[kwlug-disc] an appealing theme for a weekly blog post?
unsolicited at swiz.ca
Thu May 7 14:43:03 EDT 2009
Robert P. J. Day wrote, On 05/07/2009 1:16 PM:
> hard as it may be to believe, i've been asked by the senior software
> editor at "linux magazine" whether i'd be interested in writing a
> weekly blog on some TBD topic. i originally suggested a "kernel
> newbies" column, which would -- each week -- explain a specific kernel
> programming feature, accompanied by actual code so that the reader
> could see the code in action. that is, rather than an arm-waving
> presentation (which certainly has value all by itself), the emphasis
> would be on things people could compile and run.
> another theme was linux performance monitoring and tuning, while
> another was more general linux development topics (userspace
> development, debugging, utilities like readelf and objdump, and so
> on). nothing's been finalized yet, so i thought i'd ask -- what
> "theme" would most appeal to the general kwlug readership? what
> specifically would make you want to keep coming back to read the next
> this doesn't mean i have the gig yet, it just means i'm trying to
> figure out what would grab the largest audience.
- what is the current audience?
- what audience are you trying to attract?
- are there different (sub-)audiences for the print / web / 'RSS'
- are newly-minted coders the greatest untapped pool of readers?
If I look around at the documentation available, there seems to be
some virtual dividing line between 'system' and 'network'. Yet, almost
by definition, with high-speed internet everyone is on a network. Add
the web, and there is definitely an 'external network.' Therefore, by
definition, the first non-modem device in your home is a gateway.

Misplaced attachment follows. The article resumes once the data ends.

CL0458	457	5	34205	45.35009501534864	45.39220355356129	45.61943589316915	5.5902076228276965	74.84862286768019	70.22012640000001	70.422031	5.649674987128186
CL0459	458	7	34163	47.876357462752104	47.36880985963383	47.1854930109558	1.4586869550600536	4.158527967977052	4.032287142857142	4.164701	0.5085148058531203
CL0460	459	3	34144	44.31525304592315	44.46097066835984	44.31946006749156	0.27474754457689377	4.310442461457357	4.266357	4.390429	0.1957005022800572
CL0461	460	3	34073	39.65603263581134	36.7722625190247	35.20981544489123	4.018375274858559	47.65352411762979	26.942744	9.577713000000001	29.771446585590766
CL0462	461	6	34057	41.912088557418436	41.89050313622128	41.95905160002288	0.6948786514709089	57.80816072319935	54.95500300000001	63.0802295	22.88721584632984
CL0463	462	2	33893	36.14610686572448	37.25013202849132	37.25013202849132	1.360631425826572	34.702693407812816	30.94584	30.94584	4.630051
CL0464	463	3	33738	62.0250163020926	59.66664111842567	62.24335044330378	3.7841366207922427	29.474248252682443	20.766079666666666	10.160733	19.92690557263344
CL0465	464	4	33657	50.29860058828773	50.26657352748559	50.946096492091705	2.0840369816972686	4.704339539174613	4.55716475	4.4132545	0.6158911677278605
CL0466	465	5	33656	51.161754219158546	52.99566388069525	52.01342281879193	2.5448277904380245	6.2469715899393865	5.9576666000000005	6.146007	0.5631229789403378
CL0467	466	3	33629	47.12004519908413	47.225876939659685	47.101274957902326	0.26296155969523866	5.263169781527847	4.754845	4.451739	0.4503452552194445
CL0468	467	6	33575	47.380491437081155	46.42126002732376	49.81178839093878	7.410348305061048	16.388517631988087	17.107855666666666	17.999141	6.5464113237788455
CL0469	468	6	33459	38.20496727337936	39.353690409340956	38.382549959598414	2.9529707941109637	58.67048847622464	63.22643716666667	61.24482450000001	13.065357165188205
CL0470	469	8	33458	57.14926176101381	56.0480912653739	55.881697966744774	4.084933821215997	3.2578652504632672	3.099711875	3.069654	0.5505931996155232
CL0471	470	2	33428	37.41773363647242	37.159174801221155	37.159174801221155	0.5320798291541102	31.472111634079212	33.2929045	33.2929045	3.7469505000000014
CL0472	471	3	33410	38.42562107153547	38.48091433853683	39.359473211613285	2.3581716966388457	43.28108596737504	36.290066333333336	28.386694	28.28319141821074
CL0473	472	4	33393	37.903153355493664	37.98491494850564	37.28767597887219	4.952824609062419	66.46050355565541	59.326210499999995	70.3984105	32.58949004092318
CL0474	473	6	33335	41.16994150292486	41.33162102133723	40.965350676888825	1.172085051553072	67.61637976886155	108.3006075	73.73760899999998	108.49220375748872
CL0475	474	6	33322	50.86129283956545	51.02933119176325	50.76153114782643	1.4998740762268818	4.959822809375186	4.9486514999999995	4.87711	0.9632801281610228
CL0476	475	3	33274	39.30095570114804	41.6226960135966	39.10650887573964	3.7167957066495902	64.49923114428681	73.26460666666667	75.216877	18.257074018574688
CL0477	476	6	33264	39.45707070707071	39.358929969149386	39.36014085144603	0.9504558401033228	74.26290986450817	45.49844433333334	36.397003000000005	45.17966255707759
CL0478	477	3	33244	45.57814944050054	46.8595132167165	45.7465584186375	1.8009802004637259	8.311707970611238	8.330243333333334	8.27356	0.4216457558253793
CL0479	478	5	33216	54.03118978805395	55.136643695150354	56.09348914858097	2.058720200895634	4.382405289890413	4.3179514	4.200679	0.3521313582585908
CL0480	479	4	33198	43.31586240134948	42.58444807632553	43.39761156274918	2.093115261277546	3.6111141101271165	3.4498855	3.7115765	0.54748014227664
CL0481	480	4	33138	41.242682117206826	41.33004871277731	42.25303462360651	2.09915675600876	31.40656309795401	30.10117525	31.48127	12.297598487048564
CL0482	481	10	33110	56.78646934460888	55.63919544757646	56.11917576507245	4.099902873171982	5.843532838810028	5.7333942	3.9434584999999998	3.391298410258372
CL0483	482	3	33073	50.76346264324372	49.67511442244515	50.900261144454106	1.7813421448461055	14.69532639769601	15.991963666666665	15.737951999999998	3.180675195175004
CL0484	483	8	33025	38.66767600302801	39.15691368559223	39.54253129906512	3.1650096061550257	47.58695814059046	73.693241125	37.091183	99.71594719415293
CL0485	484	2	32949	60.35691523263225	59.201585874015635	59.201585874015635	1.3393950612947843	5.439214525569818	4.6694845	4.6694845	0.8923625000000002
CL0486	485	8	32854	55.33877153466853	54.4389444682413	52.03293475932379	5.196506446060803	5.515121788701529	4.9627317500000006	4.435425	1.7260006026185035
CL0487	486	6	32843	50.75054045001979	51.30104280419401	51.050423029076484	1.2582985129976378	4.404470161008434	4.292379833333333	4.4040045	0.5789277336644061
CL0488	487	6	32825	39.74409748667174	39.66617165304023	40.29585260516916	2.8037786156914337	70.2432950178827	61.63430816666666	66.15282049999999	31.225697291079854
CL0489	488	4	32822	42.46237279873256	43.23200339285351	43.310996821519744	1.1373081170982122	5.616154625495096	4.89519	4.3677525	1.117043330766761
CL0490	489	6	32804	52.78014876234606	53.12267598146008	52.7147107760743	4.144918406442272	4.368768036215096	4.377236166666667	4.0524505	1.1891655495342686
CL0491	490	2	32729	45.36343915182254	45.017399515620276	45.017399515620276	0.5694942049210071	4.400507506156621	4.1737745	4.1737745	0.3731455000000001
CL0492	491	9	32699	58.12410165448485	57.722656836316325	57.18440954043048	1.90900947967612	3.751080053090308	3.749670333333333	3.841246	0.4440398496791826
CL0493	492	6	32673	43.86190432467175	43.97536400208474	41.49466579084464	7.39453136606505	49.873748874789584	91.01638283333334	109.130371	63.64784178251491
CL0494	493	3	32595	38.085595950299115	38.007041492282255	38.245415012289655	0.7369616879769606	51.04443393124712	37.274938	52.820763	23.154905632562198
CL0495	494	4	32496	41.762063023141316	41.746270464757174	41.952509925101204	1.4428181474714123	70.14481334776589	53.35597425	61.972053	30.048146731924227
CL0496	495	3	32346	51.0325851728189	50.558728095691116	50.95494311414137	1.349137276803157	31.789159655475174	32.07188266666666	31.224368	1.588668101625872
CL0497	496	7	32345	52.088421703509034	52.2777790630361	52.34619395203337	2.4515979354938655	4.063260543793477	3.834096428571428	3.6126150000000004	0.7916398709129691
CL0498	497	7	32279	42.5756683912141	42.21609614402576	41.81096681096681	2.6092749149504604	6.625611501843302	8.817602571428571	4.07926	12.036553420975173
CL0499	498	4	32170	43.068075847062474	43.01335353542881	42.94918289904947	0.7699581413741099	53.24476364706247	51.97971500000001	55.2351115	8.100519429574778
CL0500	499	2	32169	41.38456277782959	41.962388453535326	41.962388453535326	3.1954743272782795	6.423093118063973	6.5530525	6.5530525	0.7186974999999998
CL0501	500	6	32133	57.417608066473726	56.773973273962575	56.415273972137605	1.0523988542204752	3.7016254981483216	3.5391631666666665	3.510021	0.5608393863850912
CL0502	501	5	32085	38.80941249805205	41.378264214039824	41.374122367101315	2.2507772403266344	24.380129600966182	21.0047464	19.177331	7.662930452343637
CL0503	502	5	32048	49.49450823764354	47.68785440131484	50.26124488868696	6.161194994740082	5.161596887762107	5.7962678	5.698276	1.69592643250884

Which is all to say, any articles that touches this area has an
audience of 'everyone'.
ntp, dns, dhcp, proxy, peer guardian, anti-virus, anti-malware,
authentication, authorization, accounting, samba (think back to
Richard trying to get file sharing going on a wrt box and having to
give up, IIRC, on nfs), and anything else you can think of that you
need 'one of' in an 'enterprise'. (Anti-virus will lead to dazuko will
lead to compiling your own kernel.) Let alone, say, the
inter-relationship / impact between dhcp -> dns / proxy (via dhcp
entries) -> anti-malware -> web browser, or nmap <-> nagios <-> mrtg.
I'm not suggesting great detail. The dearth I have found is one-stop
shopping / single source of a 'checklist' (check sheet, actually) of
things to consider in this area. [a la series of articles.] I'll
follow up an article on 'X' by going to the 'X' website - but only if
I've encountered something that says I should be concerned about 'X'
in the first place.
On a side note ... the biggest impact on me of your kernel device
drivers presentation was being able to see a kernel compiled. (Monkey
see, monkey do.) Essentially a side-effect of your topic. Not everyone
needs or wants to write a device driver, but everyone can compile
their own kernel.
Some thoughts, FWIW.
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